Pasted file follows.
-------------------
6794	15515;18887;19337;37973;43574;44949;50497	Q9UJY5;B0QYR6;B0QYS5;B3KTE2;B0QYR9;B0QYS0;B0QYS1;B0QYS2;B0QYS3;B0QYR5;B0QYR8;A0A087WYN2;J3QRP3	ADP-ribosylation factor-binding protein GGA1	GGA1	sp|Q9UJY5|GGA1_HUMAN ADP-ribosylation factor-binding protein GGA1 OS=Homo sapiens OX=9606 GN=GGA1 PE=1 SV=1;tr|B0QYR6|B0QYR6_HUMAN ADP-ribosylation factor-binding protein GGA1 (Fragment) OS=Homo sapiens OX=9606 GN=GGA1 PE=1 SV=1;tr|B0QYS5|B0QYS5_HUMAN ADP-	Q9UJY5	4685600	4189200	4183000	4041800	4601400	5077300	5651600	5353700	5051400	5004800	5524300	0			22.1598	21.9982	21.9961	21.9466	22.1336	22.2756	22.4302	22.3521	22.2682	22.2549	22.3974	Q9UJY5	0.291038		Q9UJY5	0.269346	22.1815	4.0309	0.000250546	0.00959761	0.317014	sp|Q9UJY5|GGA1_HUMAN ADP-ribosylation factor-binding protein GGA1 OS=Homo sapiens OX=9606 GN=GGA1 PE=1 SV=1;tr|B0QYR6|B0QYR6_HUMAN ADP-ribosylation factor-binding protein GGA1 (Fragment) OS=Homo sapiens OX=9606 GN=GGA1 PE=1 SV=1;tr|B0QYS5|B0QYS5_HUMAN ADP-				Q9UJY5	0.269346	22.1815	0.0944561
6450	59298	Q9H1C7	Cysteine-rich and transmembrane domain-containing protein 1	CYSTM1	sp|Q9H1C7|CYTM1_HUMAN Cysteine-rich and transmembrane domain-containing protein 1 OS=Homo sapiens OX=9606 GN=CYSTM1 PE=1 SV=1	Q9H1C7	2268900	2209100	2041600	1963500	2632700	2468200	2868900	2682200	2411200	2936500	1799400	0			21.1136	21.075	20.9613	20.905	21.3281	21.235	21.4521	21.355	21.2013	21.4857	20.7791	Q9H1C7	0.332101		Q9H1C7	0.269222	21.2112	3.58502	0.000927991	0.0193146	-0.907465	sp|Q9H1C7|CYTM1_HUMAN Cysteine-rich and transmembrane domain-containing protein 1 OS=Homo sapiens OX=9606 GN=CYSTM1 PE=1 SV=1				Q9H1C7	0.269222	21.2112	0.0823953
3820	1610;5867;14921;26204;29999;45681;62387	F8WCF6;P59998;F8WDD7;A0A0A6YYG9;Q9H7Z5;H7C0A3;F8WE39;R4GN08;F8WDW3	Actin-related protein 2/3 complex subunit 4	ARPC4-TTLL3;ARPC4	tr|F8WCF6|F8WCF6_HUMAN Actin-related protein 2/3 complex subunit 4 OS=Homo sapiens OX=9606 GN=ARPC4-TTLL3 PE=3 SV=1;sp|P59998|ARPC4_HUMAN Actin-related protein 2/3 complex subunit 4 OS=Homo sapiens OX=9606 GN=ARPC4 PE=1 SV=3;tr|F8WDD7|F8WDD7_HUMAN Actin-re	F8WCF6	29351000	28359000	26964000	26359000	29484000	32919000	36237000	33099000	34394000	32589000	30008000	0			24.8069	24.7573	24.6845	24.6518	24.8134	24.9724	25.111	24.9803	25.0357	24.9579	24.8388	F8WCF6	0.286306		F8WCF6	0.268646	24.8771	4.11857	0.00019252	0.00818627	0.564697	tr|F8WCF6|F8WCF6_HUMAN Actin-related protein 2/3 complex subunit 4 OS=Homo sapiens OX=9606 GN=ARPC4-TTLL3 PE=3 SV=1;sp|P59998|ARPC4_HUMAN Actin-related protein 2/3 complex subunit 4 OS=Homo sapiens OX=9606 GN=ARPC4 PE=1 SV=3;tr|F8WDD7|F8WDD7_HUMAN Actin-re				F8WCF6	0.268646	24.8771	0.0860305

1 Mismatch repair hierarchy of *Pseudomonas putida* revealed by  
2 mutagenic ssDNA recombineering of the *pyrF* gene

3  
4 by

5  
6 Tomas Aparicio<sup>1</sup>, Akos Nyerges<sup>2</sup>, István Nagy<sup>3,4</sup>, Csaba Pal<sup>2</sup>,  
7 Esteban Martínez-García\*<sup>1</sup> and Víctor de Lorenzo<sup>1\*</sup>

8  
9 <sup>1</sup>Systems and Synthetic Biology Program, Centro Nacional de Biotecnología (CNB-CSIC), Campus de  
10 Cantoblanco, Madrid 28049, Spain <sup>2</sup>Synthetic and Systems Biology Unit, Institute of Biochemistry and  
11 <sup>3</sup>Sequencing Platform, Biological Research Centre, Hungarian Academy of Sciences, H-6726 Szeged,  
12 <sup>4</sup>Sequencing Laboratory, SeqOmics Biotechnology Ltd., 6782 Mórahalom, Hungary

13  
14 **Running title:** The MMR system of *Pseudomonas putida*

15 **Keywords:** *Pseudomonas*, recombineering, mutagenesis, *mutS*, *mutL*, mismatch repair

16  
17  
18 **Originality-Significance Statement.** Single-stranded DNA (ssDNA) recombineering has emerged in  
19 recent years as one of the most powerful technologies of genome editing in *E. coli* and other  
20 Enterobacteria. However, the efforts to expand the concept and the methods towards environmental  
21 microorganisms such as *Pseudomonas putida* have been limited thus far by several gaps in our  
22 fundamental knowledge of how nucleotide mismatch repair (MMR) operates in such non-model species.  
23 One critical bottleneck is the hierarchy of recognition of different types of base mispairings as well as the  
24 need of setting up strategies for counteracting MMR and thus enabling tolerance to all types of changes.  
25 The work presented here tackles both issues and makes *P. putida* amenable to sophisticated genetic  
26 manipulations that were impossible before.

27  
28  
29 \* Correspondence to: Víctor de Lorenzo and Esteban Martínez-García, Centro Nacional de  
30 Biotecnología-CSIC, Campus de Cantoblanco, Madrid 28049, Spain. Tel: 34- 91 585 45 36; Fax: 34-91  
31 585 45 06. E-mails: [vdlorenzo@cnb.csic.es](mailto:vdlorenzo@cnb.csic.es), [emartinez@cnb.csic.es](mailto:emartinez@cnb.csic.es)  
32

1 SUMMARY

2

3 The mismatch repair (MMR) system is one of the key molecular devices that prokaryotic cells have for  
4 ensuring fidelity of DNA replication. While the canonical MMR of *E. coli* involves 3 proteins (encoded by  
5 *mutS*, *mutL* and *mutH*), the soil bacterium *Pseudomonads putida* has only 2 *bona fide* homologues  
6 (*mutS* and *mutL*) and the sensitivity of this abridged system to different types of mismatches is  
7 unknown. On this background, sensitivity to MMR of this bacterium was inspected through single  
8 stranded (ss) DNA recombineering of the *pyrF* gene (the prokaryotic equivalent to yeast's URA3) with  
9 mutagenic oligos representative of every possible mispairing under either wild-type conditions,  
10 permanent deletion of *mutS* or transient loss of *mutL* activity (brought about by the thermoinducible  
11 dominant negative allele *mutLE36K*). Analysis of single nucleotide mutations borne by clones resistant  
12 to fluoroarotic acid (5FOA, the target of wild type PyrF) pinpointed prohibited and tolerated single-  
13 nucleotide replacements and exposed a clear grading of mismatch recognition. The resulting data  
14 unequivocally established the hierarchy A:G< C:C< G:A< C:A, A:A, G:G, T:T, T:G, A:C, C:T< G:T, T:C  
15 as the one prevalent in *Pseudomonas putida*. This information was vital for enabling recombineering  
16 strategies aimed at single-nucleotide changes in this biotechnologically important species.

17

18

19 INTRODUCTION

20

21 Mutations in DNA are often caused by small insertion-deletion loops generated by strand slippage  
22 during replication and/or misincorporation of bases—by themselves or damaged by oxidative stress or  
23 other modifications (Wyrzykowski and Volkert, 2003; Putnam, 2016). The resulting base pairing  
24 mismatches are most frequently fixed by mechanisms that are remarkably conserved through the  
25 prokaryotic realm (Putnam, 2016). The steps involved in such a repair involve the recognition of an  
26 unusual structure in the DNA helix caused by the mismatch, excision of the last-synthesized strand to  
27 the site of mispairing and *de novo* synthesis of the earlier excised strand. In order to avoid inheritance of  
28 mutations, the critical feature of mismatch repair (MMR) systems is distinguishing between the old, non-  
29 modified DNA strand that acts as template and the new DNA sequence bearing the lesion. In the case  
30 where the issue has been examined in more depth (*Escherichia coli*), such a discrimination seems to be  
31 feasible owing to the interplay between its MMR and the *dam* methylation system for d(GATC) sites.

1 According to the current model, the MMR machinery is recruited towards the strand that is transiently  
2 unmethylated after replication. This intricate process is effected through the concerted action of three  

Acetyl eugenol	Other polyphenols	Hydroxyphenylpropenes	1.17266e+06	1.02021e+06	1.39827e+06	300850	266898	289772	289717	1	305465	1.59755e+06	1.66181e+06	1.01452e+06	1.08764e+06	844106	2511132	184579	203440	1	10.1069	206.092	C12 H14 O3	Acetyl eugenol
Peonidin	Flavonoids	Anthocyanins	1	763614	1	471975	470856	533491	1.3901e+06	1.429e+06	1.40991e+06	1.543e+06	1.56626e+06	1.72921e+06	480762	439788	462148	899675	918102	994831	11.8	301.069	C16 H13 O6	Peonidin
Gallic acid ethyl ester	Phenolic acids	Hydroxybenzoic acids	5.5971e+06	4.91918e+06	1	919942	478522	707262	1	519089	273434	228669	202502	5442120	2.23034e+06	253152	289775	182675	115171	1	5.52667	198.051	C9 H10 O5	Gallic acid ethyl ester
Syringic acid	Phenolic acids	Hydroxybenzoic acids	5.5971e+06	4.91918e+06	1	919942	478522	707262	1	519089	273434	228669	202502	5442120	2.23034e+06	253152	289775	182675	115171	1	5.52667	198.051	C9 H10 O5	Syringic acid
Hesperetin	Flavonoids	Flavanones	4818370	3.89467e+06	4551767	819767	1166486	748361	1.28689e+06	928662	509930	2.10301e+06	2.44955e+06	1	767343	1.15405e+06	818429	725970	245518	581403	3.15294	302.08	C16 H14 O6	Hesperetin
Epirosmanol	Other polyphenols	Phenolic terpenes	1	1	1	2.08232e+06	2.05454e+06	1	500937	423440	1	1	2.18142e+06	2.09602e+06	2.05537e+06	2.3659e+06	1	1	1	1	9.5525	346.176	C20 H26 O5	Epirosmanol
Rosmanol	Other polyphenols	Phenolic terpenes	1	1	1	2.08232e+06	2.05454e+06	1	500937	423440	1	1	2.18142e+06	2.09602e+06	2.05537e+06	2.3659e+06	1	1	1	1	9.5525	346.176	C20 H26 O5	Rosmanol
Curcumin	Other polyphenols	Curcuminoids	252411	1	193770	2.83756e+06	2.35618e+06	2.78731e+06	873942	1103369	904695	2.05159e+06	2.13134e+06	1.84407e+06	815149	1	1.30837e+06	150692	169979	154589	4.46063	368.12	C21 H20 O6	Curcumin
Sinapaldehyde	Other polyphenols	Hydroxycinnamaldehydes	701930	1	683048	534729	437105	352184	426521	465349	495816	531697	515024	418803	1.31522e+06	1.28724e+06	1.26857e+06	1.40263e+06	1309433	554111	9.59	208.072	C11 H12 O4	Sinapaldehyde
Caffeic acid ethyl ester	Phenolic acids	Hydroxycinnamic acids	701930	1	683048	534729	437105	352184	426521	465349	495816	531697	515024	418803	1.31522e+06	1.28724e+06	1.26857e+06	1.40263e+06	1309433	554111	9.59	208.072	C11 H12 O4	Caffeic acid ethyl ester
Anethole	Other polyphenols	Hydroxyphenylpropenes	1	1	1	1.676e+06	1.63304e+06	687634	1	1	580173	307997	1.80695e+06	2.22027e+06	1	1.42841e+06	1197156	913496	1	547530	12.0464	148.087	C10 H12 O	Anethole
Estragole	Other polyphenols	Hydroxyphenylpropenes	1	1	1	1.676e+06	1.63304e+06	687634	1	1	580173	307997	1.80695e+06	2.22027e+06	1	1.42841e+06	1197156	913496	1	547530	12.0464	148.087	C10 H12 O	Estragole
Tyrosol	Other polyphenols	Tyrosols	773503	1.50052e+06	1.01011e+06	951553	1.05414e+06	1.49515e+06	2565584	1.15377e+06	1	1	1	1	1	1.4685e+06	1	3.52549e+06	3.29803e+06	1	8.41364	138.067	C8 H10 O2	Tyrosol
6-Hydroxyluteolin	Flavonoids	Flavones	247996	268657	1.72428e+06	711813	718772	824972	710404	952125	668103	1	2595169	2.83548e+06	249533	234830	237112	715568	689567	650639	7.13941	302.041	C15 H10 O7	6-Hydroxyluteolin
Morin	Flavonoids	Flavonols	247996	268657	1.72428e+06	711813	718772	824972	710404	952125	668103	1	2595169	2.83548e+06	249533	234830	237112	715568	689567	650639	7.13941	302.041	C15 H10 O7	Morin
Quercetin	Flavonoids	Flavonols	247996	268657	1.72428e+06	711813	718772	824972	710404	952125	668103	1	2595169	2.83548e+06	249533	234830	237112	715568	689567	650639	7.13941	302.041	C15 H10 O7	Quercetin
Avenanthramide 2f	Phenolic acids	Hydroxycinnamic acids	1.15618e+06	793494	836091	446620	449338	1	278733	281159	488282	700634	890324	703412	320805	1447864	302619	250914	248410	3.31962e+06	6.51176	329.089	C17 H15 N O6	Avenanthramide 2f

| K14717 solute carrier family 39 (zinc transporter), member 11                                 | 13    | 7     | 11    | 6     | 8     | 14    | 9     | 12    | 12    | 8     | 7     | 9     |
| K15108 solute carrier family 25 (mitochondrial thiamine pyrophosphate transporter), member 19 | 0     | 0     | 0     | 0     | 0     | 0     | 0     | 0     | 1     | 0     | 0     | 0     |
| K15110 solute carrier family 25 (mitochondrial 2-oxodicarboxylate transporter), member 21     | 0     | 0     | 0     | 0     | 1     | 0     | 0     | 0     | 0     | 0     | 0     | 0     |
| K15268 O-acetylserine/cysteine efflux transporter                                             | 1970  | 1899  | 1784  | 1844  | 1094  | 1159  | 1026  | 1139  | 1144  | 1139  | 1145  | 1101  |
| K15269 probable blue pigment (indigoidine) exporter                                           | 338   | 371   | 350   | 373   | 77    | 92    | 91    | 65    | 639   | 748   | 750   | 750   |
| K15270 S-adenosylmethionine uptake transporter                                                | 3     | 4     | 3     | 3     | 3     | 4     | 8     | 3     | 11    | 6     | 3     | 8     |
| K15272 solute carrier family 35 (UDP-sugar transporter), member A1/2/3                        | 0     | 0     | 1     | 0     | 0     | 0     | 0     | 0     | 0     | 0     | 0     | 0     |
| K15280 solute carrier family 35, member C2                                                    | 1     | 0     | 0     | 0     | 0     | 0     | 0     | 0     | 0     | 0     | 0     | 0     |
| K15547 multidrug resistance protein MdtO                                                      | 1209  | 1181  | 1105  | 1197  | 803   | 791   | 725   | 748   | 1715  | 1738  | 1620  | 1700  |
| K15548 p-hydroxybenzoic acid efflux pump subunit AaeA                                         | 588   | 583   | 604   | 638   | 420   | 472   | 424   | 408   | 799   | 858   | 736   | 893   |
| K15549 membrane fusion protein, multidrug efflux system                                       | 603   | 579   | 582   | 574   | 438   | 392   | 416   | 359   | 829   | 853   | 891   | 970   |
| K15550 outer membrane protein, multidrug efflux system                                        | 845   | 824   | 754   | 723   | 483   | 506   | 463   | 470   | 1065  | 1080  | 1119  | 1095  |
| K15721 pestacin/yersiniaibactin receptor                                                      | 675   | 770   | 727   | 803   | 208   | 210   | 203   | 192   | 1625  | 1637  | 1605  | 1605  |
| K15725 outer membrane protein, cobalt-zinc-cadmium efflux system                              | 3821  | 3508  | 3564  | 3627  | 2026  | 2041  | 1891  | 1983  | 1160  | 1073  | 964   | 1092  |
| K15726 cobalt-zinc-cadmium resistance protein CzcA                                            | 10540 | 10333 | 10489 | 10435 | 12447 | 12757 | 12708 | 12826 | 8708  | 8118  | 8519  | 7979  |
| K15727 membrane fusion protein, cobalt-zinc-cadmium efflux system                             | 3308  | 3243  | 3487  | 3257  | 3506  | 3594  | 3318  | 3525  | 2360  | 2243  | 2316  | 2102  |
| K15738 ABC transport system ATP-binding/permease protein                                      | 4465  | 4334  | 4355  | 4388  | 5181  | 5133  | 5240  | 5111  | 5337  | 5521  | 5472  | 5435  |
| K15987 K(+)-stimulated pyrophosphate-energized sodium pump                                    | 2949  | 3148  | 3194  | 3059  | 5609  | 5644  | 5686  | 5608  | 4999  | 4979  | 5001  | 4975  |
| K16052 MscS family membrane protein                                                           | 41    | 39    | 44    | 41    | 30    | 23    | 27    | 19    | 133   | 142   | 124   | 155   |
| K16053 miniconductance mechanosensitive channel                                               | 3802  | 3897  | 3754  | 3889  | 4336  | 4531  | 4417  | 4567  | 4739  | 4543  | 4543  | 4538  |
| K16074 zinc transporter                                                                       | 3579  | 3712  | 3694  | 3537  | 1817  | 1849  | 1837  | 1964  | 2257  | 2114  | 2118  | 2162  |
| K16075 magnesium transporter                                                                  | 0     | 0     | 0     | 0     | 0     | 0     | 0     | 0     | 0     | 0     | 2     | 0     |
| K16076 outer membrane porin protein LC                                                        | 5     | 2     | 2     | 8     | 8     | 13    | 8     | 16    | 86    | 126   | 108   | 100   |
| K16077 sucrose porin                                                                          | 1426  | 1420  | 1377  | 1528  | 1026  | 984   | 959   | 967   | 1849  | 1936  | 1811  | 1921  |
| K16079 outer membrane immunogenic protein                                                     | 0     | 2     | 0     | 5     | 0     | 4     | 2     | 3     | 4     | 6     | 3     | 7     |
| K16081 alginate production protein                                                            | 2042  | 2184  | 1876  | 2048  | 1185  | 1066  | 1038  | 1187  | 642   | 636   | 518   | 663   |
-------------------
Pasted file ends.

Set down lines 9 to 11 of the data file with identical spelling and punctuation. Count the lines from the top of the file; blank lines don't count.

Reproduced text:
6 Tomas Aparicio<sup>1</sup>, Akos Nyerges<sup>2</sup>, István Nagy<sup>3,4</sup>, Csaba Pal<sup>2</sup>,  
7 Esteban Martínez-García\*<sup>1</sup> and Víctor de Lorenzo<sup>1\*</sup>

8  